Review: A MOST WANTED MAN
By Kyle Anderson on August 3, 2014
We’ve already seen several movies which depict the post-9/11 anti-terrorism intelligence landscape, most notably in the Oscar-winning Zero Dark Thirty, but almost all of these films have been from an American viewpoint; lots of dealings and spying still go on in Europe by Europeans, in a style still a bit reminiscent of Cold War espionage, but with a decidedly more insidious air. Nobody knows who the bad guys are because the bad guys aren’t any specific country or even group of people; radical militants could be anywhere. No one knows the world of spying, “The Secret World” as he calls it, more than author John le Carre, writer of possibly the best Cold War spy novels including The Spy Who Came In From the Cold and Tinker Tailor Soldier Spy. His 2008 novel, A Most Wanted Man, is the basis for director Anton Corbijn’s new film of the same name. It’s a spy movie, but not even our main characters are sure who the enemy is.
Set in some indeterminate time in the years following 9/11, A Most Wanted Man is about a small group of off-the-radar German operatives who try to enact change any way they can, meeting resistance from the “Strike First” members of their own investigation group, as well as the Patriot Act-happy CIA who always want their little fingers in all the pies. The movie is a bit of an indictment of the extreme methods employed to catch people involved in terrorism and the subtle differences between coercion and torture. If you’re looking for a James Bond actioner, this movie isn’t for you; it’s much more complex and troubling than that.
Hamburg, Germany, the opening text says, was the site where Mohamed Atta planned the September 11th attacks, and since then it there has been heightened attention to foreign nationals and anyone of Islamic leanings. At the start of the film, a young and very worse for wear man named Issa (Grigoriy Dobrygin) comes into German from his native Chechnya, apparently searching for a man named Brue. Issa draws the attention of the covert anti-terrorist cell led by Bachmann (Philip Seymour Hoffman in one of his final roles), but they don’t want to pick him up; instead, they want to see what he does. What he does is go to the home of some friends who put him in touch with an idealistic lawyer (Rachel McAdams) who in turn finds Brue (Willem Dafoe), a banker whose father had ties to Issa’s father.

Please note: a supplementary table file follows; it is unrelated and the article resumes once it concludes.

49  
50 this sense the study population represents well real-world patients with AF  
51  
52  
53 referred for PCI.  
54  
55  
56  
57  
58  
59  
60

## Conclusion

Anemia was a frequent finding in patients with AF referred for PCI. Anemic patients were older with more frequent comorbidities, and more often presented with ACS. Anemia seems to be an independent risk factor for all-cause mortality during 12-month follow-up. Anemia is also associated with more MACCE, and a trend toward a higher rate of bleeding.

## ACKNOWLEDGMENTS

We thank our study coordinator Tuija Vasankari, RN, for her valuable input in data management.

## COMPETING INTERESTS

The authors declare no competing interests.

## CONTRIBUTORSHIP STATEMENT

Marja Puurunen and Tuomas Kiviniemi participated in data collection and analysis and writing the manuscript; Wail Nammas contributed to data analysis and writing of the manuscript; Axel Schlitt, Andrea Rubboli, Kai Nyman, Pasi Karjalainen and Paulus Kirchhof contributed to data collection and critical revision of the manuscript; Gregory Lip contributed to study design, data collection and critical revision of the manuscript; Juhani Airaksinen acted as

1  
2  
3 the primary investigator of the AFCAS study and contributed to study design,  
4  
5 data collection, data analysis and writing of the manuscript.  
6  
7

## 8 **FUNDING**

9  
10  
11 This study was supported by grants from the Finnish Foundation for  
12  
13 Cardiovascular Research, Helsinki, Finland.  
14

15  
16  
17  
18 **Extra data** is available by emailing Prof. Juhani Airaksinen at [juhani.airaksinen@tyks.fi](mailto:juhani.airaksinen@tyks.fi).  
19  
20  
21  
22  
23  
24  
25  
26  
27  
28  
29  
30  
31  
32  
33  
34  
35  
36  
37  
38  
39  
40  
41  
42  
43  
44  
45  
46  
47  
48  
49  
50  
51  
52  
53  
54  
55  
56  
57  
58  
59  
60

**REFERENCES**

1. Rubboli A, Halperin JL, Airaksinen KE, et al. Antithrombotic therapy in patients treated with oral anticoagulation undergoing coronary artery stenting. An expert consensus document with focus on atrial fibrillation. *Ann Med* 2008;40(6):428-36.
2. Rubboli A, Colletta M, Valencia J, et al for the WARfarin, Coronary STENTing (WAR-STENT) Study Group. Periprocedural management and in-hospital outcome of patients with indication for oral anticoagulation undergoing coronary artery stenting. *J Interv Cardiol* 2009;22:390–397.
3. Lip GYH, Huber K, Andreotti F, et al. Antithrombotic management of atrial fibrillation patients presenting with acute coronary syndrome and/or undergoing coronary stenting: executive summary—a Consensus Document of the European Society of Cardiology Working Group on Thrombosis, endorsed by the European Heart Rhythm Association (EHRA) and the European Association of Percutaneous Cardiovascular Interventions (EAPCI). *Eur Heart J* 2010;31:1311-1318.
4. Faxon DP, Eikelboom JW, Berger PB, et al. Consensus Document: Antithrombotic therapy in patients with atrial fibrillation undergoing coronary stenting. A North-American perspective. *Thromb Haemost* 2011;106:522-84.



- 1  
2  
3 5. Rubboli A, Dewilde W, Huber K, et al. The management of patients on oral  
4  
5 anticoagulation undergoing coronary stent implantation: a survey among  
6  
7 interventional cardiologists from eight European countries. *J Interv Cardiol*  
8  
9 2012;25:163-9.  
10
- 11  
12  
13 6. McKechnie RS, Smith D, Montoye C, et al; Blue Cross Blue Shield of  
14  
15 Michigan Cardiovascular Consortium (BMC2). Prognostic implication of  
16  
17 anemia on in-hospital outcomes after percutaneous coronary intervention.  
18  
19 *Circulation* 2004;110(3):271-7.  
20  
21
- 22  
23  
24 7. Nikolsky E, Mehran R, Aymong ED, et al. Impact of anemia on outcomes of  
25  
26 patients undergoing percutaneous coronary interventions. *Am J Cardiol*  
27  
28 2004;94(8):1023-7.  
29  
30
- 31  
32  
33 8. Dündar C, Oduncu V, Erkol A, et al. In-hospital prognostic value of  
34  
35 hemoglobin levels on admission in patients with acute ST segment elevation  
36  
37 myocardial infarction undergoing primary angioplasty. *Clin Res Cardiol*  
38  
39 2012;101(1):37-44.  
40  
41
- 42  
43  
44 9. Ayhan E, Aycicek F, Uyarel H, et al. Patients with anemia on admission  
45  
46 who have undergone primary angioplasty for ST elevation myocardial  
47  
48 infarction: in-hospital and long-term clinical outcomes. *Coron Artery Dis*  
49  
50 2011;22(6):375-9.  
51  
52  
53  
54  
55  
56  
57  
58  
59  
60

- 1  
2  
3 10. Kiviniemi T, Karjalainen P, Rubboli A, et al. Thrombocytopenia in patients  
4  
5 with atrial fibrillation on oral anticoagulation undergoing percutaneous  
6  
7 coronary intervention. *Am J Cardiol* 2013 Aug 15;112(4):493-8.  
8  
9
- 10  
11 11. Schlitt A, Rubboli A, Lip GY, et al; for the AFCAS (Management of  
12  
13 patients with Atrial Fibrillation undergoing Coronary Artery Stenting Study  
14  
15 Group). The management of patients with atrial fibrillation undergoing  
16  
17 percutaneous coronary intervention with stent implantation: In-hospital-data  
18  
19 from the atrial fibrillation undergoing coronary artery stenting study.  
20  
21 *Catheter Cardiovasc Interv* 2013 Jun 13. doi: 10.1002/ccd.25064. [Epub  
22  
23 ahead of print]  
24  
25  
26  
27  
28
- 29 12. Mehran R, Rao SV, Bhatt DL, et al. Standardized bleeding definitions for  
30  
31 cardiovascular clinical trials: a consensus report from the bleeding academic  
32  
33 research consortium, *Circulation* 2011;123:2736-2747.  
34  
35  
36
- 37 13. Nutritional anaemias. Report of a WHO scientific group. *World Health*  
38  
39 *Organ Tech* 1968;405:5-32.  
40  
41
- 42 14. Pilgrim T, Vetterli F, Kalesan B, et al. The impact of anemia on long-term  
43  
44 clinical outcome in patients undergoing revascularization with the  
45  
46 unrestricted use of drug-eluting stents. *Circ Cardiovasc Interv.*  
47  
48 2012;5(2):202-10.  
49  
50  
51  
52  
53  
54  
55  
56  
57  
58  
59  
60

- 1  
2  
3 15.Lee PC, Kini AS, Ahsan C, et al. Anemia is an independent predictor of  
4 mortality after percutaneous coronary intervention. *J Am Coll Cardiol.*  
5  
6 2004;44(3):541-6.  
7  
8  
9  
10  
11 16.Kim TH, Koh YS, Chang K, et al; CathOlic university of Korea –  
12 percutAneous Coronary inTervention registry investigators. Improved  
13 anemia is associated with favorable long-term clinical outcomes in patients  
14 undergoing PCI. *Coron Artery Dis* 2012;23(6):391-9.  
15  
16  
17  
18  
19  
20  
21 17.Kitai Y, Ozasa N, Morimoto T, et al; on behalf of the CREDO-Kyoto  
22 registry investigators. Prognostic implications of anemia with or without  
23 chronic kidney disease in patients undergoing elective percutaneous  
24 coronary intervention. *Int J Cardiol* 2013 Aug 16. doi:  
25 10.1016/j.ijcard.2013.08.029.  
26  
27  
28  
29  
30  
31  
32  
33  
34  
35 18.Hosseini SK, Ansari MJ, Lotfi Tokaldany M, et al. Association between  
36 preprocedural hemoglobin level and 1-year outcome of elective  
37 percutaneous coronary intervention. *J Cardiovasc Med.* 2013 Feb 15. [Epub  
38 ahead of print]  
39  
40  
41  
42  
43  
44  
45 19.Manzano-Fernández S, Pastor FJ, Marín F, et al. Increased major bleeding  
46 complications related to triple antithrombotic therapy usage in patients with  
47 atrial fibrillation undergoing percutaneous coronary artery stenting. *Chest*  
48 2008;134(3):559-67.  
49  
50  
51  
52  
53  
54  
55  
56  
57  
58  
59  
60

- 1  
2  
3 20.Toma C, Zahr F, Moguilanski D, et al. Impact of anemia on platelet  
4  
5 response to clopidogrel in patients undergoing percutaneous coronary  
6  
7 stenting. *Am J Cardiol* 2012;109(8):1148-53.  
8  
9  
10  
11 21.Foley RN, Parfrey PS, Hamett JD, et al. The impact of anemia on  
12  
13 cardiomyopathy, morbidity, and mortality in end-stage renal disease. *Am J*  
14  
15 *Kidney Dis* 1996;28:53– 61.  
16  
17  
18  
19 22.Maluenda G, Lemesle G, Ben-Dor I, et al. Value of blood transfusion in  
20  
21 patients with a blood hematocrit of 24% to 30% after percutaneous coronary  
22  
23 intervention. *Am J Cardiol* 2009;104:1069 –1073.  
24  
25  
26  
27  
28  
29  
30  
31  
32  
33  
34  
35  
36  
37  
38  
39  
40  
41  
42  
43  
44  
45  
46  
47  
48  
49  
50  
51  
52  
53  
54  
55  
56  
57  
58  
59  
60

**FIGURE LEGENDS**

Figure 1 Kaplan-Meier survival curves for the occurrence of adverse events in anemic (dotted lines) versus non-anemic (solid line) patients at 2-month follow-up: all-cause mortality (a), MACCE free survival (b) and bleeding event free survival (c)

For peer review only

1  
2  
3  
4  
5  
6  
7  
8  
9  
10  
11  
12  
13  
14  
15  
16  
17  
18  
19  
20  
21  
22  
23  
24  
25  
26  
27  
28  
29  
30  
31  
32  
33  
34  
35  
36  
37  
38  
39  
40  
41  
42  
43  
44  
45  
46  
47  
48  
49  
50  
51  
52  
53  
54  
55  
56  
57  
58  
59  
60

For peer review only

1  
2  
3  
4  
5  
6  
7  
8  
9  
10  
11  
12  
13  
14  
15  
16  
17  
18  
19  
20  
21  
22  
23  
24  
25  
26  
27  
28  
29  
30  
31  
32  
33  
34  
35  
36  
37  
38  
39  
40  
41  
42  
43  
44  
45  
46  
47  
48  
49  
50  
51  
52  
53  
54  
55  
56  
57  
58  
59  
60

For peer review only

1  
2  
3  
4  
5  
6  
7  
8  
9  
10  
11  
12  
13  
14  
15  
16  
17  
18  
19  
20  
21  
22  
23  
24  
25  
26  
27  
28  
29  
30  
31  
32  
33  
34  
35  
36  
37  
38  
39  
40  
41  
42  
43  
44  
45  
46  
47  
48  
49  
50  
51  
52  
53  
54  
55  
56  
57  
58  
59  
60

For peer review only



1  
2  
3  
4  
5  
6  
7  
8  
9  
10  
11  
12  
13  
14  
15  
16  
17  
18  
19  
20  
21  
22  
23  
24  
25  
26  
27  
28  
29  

Throughout the film, Bachmann’s team is seen everywhere the other characters go and are clearly well informed on what’s happening. But they’re after bigger fish. The believe Issa can get them closer to a Muslim philanthropist who they believe has been covertly funding terrorism. This bigger fish draws the attention of CIA representative Martha Sullivan (Robin Wright) who offers to help Bachmann, but only for her own interests being met. What follows is a carefully calculating tightrope act in which Bachmann slowly puts his chess pieces in place to ensure success. But nothing’s ever as simple as all that.
This is a very low key film, but nonetheless incredibly tense and exciting in its own way. It’s a battle of inches and intellects, not guns and explosions. The film is about people trying to prevent terrorism at odds with people trying to get retribution for terrorism all while moving pawns who may or may not have anything directly to do with terrorism at all. Exceedingly complex, and quite rewarding as well.
Hoffman, of course, turns in a brilliantly understated performance as Bachmann, a schlub who is not taken seriously by his superiors, but who might be the best intelligence-gatherer working in Germany, and nobody knows it. He is forever doing his job and then having to go and explain himself to the trigger-happy people wanting to make a statement. His intensity is below the surface but very palpable and the way he entreats both Dafoe and McAdams, as well as several other characters, into being party this operation is some of the best writing and acting seen on screen in recent memory.
Dutch director Anton Corbijn has only made three features, but he’s established himself as a master of visual storytelling and underplaying the action when necessary. Coming from photography and music video, his shot compositions are like paintings and his use of muted colors really lends to the movie’s grey tone. Hoffman’s character is seen almost always wearing browns while everyone else wears shades of black, blue, and grey, signifying both his outsider nature and the warmth he doesn’t often display.
Unlike Tinker Tailor in which the enemy was clear, even if hidden in plain sight, in A Most Wanted Man, in keeping with the messy nature of this kind of war, the line between good and bad is much wider and more muddied. People have reasons for doing things that have nothing at all to do with good or evil. The war is in the shadows, in the darkness, behind closed doors. Successes and defeats are tiny in comparison but they somehow mean more to everyone.
It’s an engrossing, unsettling, and highly provocative film, and you certainly ought to see it if you get the opportunity.